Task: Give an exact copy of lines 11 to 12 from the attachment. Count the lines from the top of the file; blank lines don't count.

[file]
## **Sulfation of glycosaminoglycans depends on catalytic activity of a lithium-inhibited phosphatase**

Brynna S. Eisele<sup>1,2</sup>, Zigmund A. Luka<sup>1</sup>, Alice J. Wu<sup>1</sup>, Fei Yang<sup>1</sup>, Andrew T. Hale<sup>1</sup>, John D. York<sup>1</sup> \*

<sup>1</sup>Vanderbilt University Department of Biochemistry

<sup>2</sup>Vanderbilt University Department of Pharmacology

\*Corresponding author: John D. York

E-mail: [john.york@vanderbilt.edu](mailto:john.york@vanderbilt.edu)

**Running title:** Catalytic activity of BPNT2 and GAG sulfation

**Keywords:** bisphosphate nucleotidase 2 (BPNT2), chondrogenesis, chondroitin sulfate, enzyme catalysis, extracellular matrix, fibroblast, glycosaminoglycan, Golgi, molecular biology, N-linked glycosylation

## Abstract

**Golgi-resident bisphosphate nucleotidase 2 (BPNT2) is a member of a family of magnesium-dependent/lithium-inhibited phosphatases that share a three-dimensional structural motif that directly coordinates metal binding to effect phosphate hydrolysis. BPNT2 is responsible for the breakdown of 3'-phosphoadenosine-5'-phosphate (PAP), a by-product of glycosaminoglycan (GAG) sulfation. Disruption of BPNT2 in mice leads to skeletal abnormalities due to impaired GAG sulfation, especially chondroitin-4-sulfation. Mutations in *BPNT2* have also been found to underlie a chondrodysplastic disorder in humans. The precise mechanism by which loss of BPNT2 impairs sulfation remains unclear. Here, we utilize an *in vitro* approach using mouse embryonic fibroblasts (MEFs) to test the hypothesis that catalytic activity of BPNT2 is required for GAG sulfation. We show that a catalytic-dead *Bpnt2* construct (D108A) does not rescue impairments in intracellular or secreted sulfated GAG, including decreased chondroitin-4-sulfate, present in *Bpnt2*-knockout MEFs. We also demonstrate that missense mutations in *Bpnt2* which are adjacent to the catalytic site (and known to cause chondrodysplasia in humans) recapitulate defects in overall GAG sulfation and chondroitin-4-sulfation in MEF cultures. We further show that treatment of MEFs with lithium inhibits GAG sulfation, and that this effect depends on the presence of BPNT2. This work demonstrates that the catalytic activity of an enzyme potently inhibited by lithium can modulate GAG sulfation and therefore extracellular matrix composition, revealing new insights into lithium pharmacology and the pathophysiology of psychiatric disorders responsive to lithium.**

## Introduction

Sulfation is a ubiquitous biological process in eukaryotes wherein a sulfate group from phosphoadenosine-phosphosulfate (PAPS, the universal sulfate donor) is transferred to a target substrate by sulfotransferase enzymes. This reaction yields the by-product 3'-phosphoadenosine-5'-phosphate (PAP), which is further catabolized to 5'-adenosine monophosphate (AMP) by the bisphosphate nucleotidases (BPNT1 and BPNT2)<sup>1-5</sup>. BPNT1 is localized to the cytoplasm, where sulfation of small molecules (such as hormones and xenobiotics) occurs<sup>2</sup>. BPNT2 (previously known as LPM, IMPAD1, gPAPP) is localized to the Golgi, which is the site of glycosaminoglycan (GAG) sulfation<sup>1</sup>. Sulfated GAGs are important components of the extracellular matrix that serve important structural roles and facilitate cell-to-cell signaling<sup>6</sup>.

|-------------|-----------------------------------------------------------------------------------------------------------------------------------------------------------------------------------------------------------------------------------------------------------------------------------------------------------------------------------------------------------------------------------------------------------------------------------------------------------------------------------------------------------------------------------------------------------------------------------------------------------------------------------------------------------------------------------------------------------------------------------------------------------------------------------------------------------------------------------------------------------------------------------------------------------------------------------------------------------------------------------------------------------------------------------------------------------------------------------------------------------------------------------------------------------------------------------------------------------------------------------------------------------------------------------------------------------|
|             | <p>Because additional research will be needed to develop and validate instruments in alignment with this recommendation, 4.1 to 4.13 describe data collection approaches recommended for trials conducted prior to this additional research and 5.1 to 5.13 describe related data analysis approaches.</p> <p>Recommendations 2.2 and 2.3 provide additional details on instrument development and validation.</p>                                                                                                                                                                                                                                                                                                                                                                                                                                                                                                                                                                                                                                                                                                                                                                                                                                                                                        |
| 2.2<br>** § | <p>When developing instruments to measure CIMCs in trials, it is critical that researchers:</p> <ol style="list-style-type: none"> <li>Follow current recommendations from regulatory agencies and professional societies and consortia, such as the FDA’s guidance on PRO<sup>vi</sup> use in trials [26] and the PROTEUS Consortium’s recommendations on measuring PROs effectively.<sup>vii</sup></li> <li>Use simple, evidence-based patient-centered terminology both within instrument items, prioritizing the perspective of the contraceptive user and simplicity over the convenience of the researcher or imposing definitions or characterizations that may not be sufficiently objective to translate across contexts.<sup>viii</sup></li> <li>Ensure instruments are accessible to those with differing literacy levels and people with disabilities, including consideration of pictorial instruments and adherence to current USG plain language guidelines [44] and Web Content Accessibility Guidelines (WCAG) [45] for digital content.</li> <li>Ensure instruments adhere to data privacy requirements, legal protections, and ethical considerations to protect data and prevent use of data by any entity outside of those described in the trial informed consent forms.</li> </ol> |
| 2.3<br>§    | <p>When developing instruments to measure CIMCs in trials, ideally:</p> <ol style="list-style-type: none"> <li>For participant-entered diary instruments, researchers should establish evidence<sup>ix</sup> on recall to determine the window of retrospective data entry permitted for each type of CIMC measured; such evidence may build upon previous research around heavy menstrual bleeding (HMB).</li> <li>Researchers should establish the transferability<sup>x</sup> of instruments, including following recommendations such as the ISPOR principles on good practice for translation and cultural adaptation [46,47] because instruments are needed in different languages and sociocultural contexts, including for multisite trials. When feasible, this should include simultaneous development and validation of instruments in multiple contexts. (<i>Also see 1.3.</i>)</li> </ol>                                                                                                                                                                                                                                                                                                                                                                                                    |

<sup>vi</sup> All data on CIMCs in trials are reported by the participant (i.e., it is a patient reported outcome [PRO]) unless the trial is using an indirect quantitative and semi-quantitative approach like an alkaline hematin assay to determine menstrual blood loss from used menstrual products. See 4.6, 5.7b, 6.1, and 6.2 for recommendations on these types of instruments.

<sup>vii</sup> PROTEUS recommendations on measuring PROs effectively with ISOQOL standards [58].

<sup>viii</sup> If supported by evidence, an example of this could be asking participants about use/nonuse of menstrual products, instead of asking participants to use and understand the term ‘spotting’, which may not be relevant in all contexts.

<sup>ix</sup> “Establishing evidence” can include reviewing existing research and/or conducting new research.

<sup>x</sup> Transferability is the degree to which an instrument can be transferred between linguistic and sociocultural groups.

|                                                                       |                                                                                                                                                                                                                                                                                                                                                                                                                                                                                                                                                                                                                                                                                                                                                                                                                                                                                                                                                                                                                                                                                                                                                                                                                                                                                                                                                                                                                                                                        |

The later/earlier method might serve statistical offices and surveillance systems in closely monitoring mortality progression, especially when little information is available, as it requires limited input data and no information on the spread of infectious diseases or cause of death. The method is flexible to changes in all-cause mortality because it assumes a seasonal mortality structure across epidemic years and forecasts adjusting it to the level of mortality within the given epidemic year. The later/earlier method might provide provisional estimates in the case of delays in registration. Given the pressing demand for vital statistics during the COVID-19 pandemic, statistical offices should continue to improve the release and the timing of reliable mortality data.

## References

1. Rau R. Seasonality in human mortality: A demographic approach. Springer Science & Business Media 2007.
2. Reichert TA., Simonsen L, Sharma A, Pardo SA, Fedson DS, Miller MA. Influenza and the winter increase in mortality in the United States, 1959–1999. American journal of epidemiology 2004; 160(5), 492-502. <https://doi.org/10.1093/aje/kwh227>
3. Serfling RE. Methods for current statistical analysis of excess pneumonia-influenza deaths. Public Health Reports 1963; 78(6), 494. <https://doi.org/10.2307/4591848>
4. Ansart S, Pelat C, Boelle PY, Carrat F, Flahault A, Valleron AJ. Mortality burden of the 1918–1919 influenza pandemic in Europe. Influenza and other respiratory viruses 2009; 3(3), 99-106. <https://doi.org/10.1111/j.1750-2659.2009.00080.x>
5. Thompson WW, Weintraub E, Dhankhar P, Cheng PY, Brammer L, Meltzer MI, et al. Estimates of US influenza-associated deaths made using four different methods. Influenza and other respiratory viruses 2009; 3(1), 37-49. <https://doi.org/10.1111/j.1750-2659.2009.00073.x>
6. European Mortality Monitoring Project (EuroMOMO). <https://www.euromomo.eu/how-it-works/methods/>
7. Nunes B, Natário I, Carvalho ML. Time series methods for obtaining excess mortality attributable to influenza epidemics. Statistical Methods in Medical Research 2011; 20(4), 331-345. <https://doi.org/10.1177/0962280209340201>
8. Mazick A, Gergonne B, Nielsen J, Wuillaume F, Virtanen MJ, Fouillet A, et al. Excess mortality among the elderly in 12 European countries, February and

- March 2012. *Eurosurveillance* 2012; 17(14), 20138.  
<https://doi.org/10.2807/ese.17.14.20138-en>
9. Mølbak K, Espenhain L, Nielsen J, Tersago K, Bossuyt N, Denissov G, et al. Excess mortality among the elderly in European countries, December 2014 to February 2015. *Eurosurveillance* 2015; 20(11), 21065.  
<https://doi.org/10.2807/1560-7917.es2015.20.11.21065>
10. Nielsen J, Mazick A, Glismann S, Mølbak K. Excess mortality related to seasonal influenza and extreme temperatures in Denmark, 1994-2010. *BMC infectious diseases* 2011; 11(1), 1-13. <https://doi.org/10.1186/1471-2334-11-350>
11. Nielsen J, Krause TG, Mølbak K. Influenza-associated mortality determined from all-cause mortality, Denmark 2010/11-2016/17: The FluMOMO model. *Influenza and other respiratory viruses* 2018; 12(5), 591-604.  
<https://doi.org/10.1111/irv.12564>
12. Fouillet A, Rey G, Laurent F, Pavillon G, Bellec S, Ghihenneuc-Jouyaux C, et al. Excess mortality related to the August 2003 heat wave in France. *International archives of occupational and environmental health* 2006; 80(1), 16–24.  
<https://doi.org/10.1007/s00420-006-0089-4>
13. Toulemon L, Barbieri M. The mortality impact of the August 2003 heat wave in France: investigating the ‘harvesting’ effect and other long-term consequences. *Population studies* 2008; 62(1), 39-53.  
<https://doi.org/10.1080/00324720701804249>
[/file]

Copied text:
## Introduction

Sulfation is a ubiquitous biological process in eukaryotes wherein a sulfate group from phosphoadenosine-phosphosulfate (PAPS, the universal sulfate donor) is transferred to a target substrate by sulfotransferase enzymes. This reaction yields the by-product 3'-phosphoadenosine-5'-phosphate (PAP), which is further catabolized to 5'-adenosine monophosphate (AMP) by the bisphosphate nucleotidases (BPNT1 and BPNT2)<sup>1-5</sup>. BPNT1 is localized to the cytoplasm, where sulfation of small molecules (such as hormones and xenobiotics) occurs<sup>2</sup>. BPNT2 (previously known as LPM, IMPAD1, gPAPP) is localized to the Golgi, which is the site of glycosaminoglycan (GAG) sulfation<sup>1</sup>. Sulfated GAGs are important components of the extracellular matrix that serve important structural roles and facilitate cell-to-cell signaling<sup>6</sup>.